A bill that would have allowed divorce on the grounds of domestic abuse in Mississippi was killed by Republican state Rep. Andy Gipson on Feb. 28.
"Given our high divorce rate in this state, the floodgate is already open -- we don't need to completely tear it down," said Gipson, who chairs the state's House Judiciary B Committee, reports The Clarion- Ledger.
"We need to have policies that strengthen marriage. If a person is abusive, they need to have a change in behavior and change of heart," added Gipson, who is also Baptist preacher, reports Mississippi Today.
While domestic abuse victims wait for that change of heart, the state will allow divorce for adultery, natural impotency, drunkenness, drug use, or habitual cruel and inhuman treatment, notes The Clarion- Ledger.
Low-income residents, including those who have suffered from domestic violence, can have a hard time navigating through Mississippi's expensive and complicated divorce laws.
Like South Dakota, Mississippi does not have "no-fault" divorce where one person can just end it. Both spouses have to agree on divorce, which can drag out the process for years. All other states now have no-fault clauses in their divorce laws.
Republican state Sen. Sally Doty, who wrote the bill that would have added domestic abuse to the "habitual cruel and inhuman treatment" existing grounds for divorce, expressed her disappointment:
I am very disappointed with the action of the House committee today, that they didn't even take them out of committee. The chairman [Gipson] offered some excuses, but I think the fact remains the domestic violence bill passed the House last year ... with a very strong vote.
It's disappointing to me, and I'm sure it's even more disappointing to those victims of domestic violence who are out there in the state of Mississippi that need some help getting out of a marriage.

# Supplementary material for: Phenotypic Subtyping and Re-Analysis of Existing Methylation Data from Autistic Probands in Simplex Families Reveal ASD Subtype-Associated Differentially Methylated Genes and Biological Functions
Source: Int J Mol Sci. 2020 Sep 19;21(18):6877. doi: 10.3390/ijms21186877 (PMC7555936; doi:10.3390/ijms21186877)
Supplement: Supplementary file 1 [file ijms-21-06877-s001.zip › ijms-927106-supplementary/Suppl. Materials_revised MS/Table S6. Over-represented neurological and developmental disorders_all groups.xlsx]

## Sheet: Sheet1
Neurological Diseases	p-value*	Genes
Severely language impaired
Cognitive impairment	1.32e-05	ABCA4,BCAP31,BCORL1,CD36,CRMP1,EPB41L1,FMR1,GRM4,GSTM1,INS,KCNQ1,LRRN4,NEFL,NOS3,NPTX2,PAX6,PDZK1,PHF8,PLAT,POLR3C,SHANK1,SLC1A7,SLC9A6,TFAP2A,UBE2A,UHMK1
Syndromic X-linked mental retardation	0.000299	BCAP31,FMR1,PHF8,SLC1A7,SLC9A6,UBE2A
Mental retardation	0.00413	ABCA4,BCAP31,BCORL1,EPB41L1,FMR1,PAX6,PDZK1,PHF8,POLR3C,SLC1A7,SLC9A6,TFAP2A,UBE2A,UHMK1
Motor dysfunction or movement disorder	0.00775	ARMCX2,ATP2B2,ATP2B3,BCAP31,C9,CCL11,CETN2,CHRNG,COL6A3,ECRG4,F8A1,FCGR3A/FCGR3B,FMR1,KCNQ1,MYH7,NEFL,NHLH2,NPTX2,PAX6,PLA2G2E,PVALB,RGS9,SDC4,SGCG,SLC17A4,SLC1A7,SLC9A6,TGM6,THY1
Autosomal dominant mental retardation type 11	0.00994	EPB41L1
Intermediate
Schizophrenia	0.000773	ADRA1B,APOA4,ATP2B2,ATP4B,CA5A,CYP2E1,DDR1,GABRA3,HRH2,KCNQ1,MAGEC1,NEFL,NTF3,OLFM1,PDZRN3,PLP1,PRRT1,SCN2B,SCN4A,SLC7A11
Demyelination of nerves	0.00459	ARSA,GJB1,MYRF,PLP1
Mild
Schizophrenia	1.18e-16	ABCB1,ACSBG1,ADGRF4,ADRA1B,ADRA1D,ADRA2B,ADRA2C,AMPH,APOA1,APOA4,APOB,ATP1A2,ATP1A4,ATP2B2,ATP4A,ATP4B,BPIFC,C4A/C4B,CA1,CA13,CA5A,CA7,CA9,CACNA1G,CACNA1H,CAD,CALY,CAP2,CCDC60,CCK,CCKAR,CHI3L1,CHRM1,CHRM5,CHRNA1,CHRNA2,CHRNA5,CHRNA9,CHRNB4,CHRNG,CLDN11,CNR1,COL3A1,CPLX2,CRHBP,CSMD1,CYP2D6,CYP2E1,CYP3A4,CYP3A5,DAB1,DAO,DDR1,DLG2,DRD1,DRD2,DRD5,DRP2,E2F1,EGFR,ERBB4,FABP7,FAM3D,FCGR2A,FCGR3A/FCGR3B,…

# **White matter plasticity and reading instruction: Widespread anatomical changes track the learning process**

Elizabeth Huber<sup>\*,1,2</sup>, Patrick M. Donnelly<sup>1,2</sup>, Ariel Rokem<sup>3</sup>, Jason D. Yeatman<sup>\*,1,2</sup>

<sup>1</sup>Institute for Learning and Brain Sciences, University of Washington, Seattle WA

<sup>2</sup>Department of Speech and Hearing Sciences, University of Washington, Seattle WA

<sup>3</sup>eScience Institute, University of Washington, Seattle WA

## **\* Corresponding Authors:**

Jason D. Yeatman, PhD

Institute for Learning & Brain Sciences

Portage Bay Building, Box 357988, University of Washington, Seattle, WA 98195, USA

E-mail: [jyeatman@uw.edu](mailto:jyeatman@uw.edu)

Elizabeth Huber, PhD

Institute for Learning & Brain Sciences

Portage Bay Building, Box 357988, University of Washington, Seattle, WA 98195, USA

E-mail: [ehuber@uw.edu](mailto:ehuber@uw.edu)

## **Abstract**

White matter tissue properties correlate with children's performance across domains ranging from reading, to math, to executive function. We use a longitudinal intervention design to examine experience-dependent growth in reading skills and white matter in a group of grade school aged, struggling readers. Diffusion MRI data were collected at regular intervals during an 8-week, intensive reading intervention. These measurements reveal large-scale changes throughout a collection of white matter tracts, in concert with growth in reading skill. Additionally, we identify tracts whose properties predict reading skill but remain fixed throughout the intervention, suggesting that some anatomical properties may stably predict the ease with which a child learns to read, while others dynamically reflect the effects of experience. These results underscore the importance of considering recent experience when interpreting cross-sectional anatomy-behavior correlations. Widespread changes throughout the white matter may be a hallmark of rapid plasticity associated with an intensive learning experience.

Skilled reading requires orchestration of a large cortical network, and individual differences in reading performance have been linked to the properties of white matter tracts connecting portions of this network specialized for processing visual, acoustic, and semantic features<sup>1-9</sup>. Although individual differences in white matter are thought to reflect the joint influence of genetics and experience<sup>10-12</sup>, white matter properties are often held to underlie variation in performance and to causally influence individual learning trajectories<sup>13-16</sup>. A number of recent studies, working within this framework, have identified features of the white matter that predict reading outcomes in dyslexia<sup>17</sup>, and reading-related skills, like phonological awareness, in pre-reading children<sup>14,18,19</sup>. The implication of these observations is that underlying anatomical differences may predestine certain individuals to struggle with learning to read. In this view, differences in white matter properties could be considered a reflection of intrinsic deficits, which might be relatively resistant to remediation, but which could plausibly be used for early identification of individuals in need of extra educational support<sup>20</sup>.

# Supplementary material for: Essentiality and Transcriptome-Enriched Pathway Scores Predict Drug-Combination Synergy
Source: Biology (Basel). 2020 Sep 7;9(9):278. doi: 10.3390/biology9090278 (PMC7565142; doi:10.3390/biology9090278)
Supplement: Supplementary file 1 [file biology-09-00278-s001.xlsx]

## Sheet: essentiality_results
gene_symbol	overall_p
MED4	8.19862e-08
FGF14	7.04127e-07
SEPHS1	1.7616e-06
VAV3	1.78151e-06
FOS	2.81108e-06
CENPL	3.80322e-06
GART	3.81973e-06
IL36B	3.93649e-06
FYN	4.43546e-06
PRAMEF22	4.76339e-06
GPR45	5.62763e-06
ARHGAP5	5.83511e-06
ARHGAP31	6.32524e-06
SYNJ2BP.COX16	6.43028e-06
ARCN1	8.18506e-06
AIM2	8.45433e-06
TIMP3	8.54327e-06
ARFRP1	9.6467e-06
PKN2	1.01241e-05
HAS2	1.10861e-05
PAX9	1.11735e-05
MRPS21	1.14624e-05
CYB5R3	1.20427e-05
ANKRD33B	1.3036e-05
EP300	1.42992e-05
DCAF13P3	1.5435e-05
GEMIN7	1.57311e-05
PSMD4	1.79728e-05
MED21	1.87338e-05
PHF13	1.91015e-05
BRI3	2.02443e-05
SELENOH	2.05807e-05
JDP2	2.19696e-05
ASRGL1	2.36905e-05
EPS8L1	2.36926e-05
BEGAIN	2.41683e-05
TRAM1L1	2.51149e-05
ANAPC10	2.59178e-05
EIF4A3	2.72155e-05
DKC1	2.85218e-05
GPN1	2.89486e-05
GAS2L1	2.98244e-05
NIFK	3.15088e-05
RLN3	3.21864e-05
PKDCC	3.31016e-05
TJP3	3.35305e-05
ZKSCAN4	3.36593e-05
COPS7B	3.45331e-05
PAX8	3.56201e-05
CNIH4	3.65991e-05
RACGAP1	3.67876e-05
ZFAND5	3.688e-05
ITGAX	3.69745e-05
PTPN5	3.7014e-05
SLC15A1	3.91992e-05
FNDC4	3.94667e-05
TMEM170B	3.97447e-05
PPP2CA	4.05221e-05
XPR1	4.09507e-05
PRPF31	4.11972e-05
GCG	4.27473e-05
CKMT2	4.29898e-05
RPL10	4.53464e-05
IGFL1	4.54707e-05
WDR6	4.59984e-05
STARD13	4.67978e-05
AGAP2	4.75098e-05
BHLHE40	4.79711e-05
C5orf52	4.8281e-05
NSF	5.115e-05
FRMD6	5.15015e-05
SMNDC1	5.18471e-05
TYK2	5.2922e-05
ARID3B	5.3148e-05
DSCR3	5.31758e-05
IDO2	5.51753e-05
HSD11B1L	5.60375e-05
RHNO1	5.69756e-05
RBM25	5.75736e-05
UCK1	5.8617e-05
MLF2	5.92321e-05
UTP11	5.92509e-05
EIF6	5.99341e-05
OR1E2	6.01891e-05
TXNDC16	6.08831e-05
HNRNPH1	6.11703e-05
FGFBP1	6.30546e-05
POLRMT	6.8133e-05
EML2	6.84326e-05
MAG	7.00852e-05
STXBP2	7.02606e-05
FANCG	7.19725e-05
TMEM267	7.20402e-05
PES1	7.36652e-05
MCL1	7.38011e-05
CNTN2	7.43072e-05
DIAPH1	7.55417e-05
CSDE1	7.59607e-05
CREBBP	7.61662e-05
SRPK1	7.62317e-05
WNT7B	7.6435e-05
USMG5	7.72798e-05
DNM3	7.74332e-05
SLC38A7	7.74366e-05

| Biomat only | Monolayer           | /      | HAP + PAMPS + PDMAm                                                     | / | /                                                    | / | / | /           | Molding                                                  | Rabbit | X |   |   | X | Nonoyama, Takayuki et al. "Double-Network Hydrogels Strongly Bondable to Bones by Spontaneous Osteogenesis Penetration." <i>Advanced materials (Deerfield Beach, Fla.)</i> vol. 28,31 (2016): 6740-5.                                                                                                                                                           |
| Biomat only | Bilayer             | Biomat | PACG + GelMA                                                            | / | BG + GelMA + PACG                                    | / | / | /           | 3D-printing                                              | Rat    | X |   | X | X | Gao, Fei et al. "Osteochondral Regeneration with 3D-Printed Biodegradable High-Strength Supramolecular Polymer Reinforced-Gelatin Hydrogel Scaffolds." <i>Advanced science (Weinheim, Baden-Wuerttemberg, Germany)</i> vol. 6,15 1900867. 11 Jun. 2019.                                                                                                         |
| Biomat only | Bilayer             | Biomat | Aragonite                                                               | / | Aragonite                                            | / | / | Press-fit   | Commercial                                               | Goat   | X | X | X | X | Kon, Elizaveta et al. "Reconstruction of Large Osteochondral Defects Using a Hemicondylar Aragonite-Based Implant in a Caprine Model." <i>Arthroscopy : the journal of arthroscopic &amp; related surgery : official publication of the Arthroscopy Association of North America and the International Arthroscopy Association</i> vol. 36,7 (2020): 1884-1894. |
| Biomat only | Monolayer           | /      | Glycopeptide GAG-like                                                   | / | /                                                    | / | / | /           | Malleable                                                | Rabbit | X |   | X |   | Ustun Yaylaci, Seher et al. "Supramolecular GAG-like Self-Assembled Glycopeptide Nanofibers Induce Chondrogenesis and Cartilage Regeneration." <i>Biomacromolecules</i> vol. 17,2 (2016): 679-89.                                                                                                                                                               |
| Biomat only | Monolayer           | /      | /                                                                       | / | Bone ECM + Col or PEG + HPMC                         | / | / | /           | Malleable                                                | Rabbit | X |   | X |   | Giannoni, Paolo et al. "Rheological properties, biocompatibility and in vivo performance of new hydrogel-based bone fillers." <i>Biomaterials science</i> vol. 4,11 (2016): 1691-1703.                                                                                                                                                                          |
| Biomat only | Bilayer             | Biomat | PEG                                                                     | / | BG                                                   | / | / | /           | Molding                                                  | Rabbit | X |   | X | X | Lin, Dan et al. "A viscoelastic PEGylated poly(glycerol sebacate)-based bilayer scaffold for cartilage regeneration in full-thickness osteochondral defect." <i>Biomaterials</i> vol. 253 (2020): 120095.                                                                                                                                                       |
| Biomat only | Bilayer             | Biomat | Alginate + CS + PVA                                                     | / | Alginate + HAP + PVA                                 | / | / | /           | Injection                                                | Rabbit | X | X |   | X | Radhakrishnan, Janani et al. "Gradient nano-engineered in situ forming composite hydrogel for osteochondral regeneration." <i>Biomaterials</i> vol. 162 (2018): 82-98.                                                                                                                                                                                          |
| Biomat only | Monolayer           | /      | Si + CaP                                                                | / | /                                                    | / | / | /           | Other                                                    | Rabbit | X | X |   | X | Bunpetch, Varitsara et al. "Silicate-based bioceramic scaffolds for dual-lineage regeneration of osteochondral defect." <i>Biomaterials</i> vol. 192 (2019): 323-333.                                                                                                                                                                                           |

Gipson countered: "The law already provides a ground for divorce for habitual cruel and inhuman treatment, which would include domestic assault."
"Habitual" means a spouse would have to be beaten more than once. According to some experts, if abused spouses leave their homes, but then return, the victims can be seen by the court as having "condoned" the violence perpetrated against them.
Back at the state capitol, Gipson didn't like the phrase "domestic abuse," which he thought could apply to shouting:
To me the way it's worded could possibly be interpreted that if someone raised their voice at their spouse, is that domestic assault? ... If that's the case, then a lot of people would have a ground for divorce in Mississippi.
While Gipson has strongly voiced his desire to keep heterosexuals in marriages, he has opposed same-sex marriage.
The Clarion-Ledger reported that when a federal court struck down the state's ban on same-sex marriage in 2014, Gipson wanted the state to appeal:
I'm very disappointed the court did not recognize the clear will of Mississippians as expressed in our state's Constitution. The state should quickly appeal to the Fifth Circuit and request the higher court to reverse this decision and uphold the Constitution.